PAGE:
Category Archives:law

Green Card Holders Can Now Petition for Family Members- Wait Time Reduced Dramatically

UPDATE – THE VISA NUMBERS HAVE RETROGRESSED 

 F2A:  Spouses and children of permanent residents (child = under 21 years and unmarried)
 F2B:  Unmarried sons and daughters (21 years of age or older) of permanent residents





URGENT UPDATE!! ACT NOW!

The F2A (not the F2B) category, has seen a dramatic movement in the visa.  The movement has dramatically REDUCED the wait time for spouses (including same-sex couples) and children of green card holders to in turn receive their green cards through the petitioning LPR in their family.

This is a very significant change as the average wait time has been reduced by several years for this category.

Under past visa bulletins issued by the Department of State (DOS), the average wait time was at least 4 years before either a spouse or child of an LPR could apply for their immigrant visa:

·     April 2013 the wait time was over 3 years.

·     F2A categories were ‘current’ from August 2013.

·     May 2014 visa bulletin has a wait time from September 2013 (approx. only 7 month wait time).

What does this mean for you and your family?

Family reunification has been the principal policy underlying US immigration law.  Current trends under the F2A category have dramatically reduced the wait time for a green card holder petitioning for either their spouse or child now takes them to receive their green cards.

However, we don’t know when the visa bulletin time frames will change, therefore you must act now!

Comprehensive Immigration Reform (CIR) Bill: “What is it?” “Why should I care?”

The “Gang of Eight’s” comprehensive immigration reform bill is now at the starting line. It’s next hurdle is the Republican-led House of Representatives. You may ask, “…but what exactly is CIR? …And why should I care?”

 

There are a few very progressive proposals under the CIR Bill:

  1. Legalization: This permits those who are unlawfully present and who entered the U.S. before December 31, 2011 to file for their green card and in the mean time fall under a new status called Registered Provisional Immigrant (RPI). Eligible applicants would be required to pay a penalty and back taxes, but individuals in RPI status would receive work authorization and may travel abroad. They would also become eligible to apply for their green card after 10 years, and full U.S. citizenship 3 years after acquiring the green card.
  2. H-1B’s: Did you apply for an H-1B this year? Where you upset to see the lottery instituted? Many this year will miss out on the H-1B, not due to lack of merit or skill but simply due to the small number of these visas that USCIS is allowed to approve. CIR proposes to change all this by increasing the cap from 50,000 to 180,000 each year. ((quota to a floor of 110,000 and a ceiling of 180,000))).  To add the icing on the cake CIR also aims to provide a 60-day grace period for those terminated while working under the visa and also providing work authorization for spouses of visa holders, something that is currently not permitted under the H-1B visa.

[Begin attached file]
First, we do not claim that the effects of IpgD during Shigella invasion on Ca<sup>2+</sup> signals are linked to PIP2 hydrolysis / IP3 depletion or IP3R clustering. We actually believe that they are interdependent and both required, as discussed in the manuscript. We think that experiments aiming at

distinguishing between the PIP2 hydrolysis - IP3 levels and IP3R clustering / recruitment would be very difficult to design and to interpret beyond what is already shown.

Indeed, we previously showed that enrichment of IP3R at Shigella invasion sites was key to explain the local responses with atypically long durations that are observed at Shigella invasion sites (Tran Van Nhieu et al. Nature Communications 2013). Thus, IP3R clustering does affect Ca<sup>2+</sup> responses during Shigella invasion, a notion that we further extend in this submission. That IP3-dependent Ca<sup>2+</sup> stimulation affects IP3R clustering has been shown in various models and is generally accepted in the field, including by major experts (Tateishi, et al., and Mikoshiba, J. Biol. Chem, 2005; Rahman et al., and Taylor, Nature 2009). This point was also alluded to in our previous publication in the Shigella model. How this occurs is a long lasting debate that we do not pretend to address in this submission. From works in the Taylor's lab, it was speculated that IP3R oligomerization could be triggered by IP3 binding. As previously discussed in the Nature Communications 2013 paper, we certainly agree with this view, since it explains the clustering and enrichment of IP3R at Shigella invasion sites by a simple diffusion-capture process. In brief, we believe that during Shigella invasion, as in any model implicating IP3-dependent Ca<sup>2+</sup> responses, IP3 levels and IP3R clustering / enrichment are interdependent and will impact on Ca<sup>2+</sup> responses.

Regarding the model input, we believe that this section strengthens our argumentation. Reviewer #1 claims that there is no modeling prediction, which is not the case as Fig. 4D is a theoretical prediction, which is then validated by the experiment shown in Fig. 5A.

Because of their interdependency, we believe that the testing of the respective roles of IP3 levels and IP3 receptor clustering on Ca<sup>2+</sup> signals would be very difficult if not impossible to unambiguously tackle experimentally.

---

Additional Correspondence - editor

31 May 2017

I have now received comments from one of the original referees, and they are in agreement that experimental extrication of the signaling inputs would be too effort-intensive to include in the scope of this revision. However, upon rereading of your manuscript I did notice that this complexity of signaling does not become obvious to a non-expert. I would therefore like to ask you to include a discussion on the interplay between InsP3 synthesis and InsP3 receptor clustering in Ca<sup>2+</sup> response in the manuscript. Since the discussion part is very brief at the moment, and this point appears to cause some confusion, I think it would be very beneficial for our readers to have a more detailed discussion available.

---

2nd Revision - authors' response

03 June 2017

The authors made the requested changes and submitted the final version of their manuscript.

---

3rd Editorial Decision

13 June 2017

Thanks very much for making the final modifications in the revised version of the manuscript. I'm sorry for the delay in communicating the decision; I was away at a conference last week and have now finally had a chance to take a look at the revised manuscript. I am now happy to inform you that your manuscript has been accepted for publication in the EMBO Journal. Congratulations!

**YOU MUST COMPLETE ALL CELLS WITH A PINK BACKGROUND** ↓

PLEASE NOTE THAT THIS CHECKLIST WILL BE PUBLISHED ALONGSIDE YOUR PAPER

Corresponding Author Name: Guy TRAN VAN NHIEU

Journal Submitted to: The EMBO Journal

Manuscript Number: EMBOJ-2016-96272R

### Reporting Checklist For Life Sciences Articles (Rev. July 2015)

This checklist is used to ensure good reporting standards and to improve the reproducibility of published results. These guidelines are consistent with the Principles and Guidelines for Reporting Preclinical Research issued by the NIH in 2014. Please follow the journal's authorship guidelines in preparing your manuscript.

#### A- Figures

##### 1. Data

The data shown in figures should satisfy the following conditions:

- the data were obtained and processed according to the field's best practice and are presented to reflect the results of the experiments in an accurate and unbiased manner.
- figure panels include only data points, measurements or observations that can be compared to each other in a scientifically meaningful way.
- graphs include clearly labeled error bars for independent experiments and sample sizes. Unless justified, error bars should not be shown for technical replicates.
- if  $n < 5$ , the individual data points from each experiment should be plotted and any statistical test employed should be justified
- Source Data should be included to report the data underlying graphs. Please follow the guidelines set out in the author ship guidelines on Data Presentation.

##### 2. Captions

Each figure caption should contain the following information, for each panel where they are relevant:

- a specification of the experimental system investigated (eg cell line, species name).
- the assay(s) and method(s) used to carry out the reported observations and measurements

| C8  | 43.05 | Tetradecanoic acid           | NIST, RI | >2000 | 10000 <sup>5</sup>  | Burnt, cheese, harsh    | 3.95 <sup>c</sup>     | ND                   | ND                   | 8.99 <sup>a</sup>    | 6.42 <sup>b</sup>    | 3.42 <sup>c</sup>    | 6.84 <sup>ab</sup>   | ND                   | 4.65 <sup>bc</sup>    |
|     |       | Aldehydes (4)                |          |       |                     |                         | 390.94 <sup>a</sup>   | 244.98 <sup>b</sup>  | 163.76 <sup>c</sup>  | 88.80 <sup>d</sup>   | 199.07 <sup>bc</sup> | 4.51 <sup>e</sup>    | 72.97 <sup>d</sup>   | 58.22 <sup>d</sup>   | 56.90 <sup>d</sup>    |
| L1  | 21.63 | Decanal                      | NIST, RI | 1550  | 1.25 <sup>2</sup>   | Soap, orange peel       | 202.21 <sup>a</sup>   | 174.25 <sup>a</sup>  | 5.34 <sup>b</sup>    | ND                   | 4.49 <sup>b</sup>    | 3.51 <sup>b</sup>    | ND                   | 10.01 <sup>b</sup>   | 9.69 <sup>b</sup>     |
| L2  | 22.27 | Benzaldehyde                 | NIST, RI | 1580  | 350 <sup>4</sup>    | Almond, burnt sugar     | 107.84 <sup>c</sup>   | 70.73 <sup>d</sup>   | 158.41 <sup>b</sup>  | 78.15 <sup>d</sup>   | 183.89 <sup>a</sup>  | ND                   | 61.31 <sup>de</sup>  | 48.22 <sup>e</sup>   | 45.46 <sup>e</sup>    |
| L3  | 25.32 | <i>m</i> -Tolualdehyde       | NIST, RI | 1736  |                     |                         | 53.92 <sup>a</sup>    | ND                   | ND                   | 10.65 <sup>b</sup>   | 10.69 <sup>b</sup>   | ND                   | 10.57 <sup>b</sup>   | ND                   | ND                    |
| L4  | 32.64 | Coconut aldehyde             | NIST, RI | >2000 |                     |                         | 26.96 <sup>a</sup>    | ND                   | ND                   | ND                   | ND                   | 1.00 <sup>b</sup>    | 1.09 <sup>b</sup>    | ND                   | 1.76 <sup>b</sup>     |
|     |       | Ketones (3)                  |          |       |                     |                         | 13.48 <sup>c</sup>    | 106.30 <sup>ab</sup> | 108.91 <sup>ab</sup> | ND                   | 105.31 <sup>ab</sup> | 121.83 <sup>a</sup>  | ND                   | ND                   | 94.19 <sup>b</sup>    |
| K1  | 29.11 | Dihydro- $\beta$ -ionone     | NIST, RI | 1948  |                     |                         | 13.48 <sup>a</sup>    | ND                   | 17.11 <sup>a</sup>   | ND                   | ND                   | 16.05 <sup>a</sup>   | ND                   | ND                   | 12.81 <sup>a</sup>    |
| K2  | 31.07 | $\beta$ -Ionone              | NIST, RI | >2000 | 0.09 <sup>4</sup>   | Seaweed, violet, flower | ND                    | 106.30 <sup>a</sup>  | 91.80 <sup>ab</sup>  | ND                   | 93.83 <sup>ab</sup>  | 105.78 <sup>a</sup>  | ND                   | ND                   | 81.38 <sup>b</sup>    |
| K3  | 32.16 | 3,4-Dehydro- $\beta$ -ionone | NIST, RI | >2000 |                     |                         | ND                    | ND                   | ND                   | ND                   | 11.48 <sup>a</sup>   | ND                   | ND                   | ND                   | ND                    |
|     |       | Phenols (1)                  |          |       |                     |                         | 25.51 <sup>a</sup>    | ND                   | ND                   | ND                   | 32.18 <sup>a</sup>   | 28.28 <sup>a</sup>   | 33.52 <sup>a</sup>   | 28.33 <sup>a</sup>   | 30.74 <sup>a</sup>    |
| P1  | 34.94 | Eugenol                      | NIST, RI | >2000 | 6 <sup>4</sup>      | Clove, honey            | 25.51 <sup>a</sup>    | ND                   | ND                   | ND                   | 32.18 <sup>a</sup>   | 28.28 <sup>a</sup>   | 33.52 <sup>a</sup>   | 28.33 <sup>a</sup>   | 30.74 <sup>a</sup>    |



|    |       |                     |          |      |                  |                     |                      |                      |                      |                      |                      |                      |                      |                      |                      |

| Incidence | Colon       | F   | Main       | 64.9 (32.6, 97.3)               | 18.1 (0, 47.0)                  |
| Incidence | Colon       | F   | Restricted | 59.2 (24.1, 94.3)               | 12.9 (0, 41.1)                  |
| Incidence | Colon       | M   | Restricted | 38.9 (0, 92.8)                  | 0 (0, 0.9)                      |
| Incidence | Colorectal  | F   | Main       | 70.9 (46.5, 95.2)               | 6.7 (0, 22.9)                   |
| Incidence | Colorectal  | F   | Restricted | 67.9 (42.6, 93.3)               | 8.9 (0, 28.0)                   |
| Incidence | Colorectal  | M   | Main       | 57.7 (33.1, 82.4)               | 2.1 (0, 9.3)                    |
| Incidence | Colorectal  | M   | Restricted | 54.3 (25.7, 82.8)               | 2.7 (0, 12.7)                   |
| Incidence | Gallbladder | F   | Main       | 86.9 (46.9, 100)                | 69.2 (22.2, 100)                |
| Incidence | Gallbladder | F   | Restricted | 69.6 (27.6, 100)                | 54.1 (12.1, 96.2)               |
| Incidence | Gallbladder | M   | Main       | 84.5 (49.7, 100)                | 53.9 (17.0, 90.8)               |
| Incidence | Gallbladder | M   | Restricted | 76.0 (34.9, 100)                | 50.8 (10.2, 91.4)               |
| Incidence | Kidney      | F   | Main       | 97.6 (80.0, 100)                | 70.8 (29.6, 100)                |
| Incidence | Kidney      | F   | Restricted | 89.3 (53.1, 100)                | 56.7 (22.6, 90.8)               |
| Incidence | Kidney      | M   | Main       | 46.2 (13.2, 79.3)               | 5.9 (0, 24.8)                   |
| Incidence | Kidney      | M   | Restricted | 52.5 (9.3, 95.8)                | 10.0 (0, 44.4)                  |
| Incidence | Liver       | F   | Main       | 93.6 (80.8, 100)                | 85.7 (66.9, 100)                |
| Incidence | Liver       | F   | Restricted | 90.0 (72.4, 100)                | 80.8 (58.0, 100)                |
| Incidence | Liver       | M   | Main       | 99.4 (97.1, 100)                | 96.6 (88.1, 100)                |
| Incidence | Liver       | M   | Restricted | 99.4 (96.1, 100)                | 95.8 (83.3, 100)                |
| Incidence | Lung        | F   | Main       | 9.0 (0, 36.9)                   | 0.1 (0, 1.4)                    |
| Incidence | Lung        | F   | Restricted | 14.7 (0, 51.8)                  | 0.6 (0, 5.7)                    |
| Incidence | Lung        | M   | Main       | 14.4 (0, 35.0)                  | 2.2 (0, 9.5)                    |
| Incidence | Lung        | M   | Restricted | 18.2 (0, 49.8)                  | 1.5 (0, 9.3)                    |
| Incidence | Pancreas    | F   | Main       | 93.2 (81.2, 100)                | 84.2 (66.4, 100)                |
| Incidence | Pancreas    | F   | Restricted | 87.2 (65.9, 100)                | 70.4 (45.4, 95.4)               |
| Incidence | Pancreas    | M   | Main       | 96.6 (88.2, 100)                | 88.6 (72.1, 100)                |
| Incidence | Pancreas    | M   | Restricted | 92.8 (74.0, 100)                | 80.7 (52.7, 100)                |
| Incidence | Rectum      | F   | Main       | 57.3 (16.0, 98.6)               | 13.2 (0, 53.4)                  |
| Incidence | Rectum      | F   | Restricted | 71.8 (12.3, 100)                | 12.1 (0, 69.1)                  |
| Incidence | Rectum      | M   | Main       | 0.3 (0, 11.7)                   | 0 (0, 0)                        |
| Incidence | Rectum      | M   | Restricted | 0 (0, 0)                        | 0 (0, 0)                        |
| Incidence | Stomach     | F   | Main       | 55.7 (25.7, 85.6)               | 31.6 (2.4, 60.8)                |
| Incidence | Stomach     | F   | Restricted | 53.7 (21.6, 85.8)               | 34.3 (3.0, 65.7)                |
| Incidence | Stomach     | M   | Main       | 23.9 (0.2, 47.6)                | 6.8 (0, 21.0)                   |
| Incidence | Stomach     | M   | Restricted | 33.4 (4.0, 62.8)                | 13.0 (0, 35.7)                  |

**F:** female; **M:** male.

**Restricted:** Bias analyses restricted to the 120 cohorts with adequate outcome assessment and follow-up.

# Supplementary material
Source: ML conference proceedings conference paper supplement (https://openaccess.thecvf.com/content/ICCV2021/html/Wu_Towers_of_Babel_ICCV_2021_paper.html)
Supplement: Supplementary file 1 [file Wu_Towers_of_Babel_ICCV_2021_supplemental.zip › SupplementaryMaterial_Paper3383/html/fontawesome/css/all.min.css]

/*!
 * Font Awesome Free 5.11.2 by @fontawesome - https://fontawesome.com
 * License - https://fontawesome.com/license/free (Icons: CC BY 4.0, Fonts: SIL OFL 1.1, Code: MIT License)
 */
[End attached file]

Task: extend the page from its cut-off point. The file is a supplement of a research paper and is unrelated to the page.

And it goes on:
3.     Fraud: If the CIR bill is passed into law it will make it a crime to knowingly defraud an immigrant or hold oneself out as an attorney when one is not authorized to do so.

Gang Of Eight introduces S.744 - Immigration Reform News Now!

On Tuesday, the group of senators known as the “Gang of Eight” introduced S. 744, the “Border Security, Economic Opportunity, and Immigration Modernization Act.” 

Here are a few issues from S. 744 to note:

Legalization:

Permits noncitizens that are unlawfully present and who entered the U.S. before December 31, 2011 to adjust status (file for their green card) to that of Registered Provisional Immigrant (RPI). Eligible applicants would be required to pay a penalty and back taxes. Individuals in RPI status would receive work authorization and may travel abroad. They would also become eligible to apply for LPR status after 10 years, and can apply for naturalization 3 years after acquiring a green card.

H-1Bs:

Increase the quota to a floor of 110,000 and a ceiling of 180,000. Provide work authorization for spouses (H-4) as currently not permitted to work. Add a 60-day grace period after an H-1B has been terminated from his or her job.

Fraud:

Make it a crime to knowingly defraud an immigrant or hold oneself out as an attorney when one is not authorized to do so. Require the identification of individuals who assist immigrants with the completion of forms and empower the Attorney General with injunctive authority to act against an unscrupulous “immigration service provider” at the federal level.